JDS: To me, at least, the two ideas you stated may be complementary rather than mutually exclusive. I spend a lot of time ruminating about things from a variety of angles, and some of those thoughts turn into what I write. Many other thoughts, perhaps most of them, do not turn into written work. Of course, I don’t know which part of my daydreaming is “productive” until well after the fact. Writing about topics from different perspectives is also a way of arguing with myself and trying to escape a purely binary mode of thought, something our technologies increasingly impose on us.
Violence is a subject that particularly troubles and engages me. I am squeamish and mild-mannered—I have witnesses for both—but I can’t bring myself to the purity of being a pacifist in the world as we find it. Violence can be great fun to read and write about—or see on screen—but violence also serves as a symptom of other disorders and it places a story or poem in the tradition of the cautionary tale. The work of Flannery O’Connor comes to mind in this regard.
DJ: Tell me a little about your latest work, The Best Mariachi in the
World. Where does a book like this fit in, where did the initial concept come from, and how does it relate to what’s come before? Or, is it a case where the relation doesn’t matter beyond the fact that it has your name on it?
JDS: This book is a very recent publication, but its history goes back to 1997, before my first book of poetry was accepted for publication. I wrote the first draft while commuting by train from my parents’ home in Aurora, Illinois to one or the other of my two part-time, no-benefits jobs in Chicago. I didn’t want those jobs to seem like the only thing I was accomplishing, and I was starting to realize that the only way I would really make anything of myself was through writing. (Some of my earlier plans hadn’t worked out, or I just hadn’t wanted them enough.)
I didn’t have anything to lose besides ink and paper, and I started with a premise that ranges somewhere between wacky and outrageous: Gustavo, a young boy in a family of mariachis, believes that he is the worst mariachi in the world because he cannot play—or isn’t even allowed to play—any of the instruments. I am not musical or from a musical family myself, and I am not of Mexican or other Hispanic ancestry, so I was going out on a limb in addressing these subjects. Working through the story allowed me to figure out that what Gustavo could do at that point was sing, and his family and others applaud him for his ability. It later became clear to me that I had written an allegory of my own attempts to find my way. There were plenty of things I couldn’t do, but I could write, and that would be accepted. For others that thing might be in the arts or in another field altogether, but finding and embracing it is crucial. I dedicated the book in part to all the Gustavos of the world, because almost all of us are Gustavo at one time or another. The only exception might be those blessed few who at the age of five know what they want to be when they grow up and happily follow through with that.
DJ: So if someone was to pin you in a corner and say, “OK J.D. Smith, explain what in the world is going on here,” how would you answer? Personally, it’s inspiring to see a writer approach so many areas of interest with such lightness. Does hopping back and forth between genres, voices and styles help you maintain a certain level of dexterity, allowing you to eschew the moniker of “Jack of all trades” and instead embody the concept of “Master of many”? If there’s a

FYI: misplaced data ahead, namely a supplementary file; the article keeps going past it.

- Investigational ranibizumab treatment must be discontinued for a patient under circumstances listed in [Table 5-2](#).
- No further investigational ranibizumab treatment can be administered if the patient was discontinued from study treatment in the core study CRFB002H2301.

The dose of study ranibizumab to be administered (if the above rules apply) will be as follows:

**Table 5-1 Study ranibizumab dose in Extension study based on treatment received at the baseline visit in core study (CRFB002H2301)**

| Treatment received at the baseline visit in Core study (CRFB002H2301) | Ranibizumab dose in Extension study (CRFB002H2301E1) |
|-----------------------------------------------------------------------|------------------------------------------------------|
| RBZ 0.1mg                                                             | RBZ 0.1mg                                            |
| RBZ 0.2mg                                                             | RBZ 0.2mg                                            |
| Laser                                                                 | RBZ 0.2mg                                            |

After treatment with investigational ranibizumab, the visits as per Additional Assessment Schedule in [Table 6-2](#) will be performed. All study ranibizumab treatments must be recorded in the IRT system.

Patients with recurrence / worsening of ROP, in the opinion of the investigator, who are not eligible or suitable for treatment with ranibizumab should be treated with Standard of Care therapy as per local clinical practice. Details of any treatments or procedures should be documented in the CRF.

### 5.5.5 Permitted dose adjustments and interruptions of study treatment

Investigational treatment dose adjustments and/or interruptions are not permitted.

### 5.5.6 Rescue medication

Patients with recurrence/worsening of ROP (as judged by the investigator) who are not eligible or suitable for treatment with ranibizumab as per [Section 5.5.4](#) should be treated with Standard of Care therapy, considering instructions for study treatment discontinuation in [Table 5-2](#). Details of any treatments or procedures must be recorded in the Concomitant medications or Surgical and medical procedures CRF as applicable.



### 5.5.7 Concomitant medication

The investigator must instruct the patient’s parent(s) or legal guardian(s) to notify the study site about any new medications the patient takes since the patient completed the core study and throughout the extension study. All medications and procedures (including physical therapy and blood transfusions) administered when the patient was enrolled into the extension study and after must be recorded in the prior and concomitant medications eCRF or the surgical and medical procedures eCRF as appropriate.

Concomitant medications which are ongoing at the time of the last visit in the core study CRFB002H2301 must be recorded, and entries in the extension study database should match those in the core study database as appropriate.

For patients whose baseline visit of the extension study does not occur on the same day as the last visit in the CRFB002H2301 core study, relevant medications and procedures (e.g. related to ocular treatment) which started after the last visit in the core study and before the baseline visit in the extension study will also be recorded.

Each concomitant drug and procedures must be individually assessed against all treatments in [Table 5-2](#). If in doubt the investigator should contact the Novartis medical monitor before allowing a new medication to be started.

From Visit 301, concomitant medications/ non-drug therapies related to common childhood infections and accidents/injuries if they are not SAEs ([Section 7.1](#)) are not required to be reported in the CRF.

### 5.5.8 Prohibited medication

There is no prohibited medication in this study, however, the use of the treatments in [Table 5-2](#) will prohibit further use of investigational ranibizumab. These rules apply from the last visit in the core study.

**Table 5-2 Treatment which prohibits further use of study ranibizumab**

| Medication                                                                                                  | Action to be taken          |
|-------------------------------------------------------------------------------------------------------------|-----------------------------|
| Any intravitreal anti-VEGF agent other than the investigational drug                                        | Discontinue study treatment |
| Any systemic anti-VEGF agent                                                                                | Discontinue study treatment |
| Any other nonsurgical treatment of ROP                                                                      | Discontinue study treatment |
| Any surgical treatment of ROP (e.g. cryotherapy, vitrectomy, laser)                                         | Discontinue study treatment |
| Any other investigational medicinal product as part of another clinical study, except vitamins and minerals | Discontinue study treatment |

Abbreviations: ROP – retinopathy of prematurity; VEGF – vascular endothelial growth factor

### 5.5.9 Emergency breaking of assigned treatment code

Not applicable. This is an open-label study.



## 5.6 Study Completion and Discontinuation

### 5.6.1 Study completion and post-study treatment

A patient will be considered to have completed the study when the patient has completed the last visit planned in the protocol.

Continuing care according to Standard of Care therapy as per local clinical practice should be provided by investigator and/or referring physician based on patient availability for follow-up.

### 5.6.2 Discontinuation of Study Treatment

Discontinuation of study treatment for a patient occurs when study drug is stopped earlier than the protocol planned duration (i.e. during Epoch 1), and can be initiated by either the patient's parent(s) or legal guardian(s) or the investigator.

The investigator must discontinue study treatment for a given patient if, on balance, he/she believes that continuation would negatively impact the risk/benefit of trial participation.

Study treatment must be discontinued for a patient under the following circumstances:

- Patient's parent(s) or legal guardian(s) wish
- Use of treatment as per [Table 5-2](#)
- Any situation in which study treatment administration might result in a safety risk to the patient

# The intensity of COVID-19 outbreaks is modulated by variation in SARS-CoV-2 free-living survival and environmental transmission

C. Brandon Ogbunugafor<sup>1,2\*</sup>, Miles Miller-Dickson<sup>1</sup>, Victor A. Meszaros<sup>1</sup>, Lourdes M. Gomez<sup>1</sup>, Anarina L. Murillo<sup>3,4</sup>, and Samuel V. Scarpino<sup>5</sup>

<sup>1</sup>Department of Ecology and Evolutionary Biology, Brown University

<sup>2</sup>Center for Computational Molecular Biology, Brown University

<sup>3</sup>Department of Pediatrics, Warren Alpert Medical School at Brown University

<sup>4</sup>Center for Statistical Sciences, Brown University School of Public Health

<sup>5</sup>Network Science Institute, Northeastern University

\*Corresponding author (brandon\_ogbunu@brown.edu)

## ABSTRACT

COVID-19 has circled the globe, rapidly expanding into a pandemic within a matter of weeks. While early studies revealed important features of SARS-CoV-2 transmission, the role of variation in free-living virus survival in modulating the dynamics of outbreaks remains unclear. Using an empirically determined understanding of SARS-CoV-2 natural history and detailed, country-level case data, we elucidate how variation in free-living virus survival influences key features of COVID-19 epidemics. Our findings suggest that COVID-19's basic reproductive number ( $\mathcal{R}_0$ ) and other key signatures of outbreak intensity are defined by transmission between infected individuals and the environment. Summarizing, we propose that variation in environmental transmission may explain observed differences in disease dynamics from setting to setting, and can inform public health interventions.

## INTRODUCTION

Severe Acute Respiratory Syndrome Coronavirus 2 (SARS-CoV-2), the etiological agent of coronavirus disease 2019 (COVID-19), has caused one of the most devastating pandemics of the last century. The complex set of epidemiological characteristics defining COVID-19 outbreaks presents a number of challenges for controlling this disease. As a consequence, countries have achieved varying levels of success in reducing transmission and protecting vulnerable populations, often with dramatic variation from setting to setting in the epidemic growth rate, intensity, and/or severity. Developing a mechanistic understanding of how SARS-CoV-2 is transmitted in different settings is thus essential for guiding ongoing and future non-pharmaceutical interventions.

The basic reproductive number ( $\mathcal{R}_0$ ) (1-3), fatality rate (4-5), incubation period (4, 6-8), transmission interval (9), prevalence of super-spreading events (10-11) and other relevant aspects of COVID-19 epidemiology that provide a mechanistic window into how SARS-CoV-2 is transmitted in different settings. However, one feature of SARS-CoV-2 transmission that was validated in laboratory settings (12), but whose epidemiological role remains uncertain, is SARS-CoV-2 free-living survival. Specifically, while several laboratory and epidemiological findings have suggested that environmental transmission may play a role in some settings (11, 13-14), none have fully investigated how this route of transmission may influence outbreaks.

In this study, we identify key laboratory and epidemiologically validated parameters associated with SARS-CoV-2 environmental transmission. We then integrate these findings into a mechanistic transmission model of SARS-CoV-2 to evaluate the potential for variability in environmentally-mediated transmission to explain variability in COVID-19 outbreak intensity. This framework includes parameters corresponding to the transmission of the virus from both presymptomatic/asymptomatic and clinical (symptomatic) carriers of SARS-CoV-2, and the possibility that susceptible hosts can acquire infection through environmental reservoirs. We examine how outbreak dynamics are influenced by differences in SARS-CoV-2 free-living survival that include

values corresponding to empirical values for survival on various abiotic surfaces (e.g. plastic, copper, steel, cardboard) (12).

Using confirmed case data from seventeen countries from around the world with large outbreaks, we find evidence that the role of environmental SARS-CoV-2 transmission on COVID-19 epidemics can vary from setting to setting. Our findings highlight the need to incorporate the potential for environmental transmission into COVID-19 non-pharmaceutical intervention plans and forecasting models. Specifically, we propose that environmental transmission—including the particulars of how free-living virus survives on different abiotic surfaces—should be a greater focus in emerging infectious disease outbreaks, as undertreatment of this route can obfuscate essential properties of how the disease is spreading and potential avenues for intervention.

thread that weaves through your entire body of work, what would it be?
JDS: If someone pinned me in a corner I would first say “Please don’t hit me in the face” and then “I don’t have anything of value—I’m a writer.”
More seriously, I am reminded of one of Goya’s late etchings, a self-portrait of the artist walking on crutches in his eighties. The illustration bears the inscription “I am still learning.” That was true: he explored new techniques and media until the end of his life. This lesson was delivered to me more directly at the Bread Loaf Writers Conference in 1992, when William Matthews, my instructor, looked over my poems of wildly varying quality and said, “You’re still finding out what you can do.” And I am still finding out what I can do. I haven’t written a full-length play, for instance. I haven’t written a novel, either, and I’m starting to get some serious peer pressure on that count. I might try and fail miserably, but I’m starting to feel secure enough to live with that.
Writing in different voices and genres allows me to stay fresh mentally, and it also means that I always have something to work on, whether that means a first draft or a revision. And there are many revisions. Crossing genres also helps me to resist complacency. If I’m having good luck in writing or publishing in one genre, there remains the question that would sound something like “What else are you doing, tough guy?”
It’s hard to say what ties all of my work together, but a few ideas come to mind. The first is an interest in the sound of language, especially its rhythms. I learned this initially through poetry, but I’d like to think it comes through in prose as well. I’m also interested in how much meaning can be packed into a given amount of text through word choice, connotation and economy in language, as well as through syntax. I would also like to think that what I write, even if it’s a piece that’s seen as entertainment, carries some intellectual and moral weight and helps to enhance readers’ sense of being alive and engaged in the world.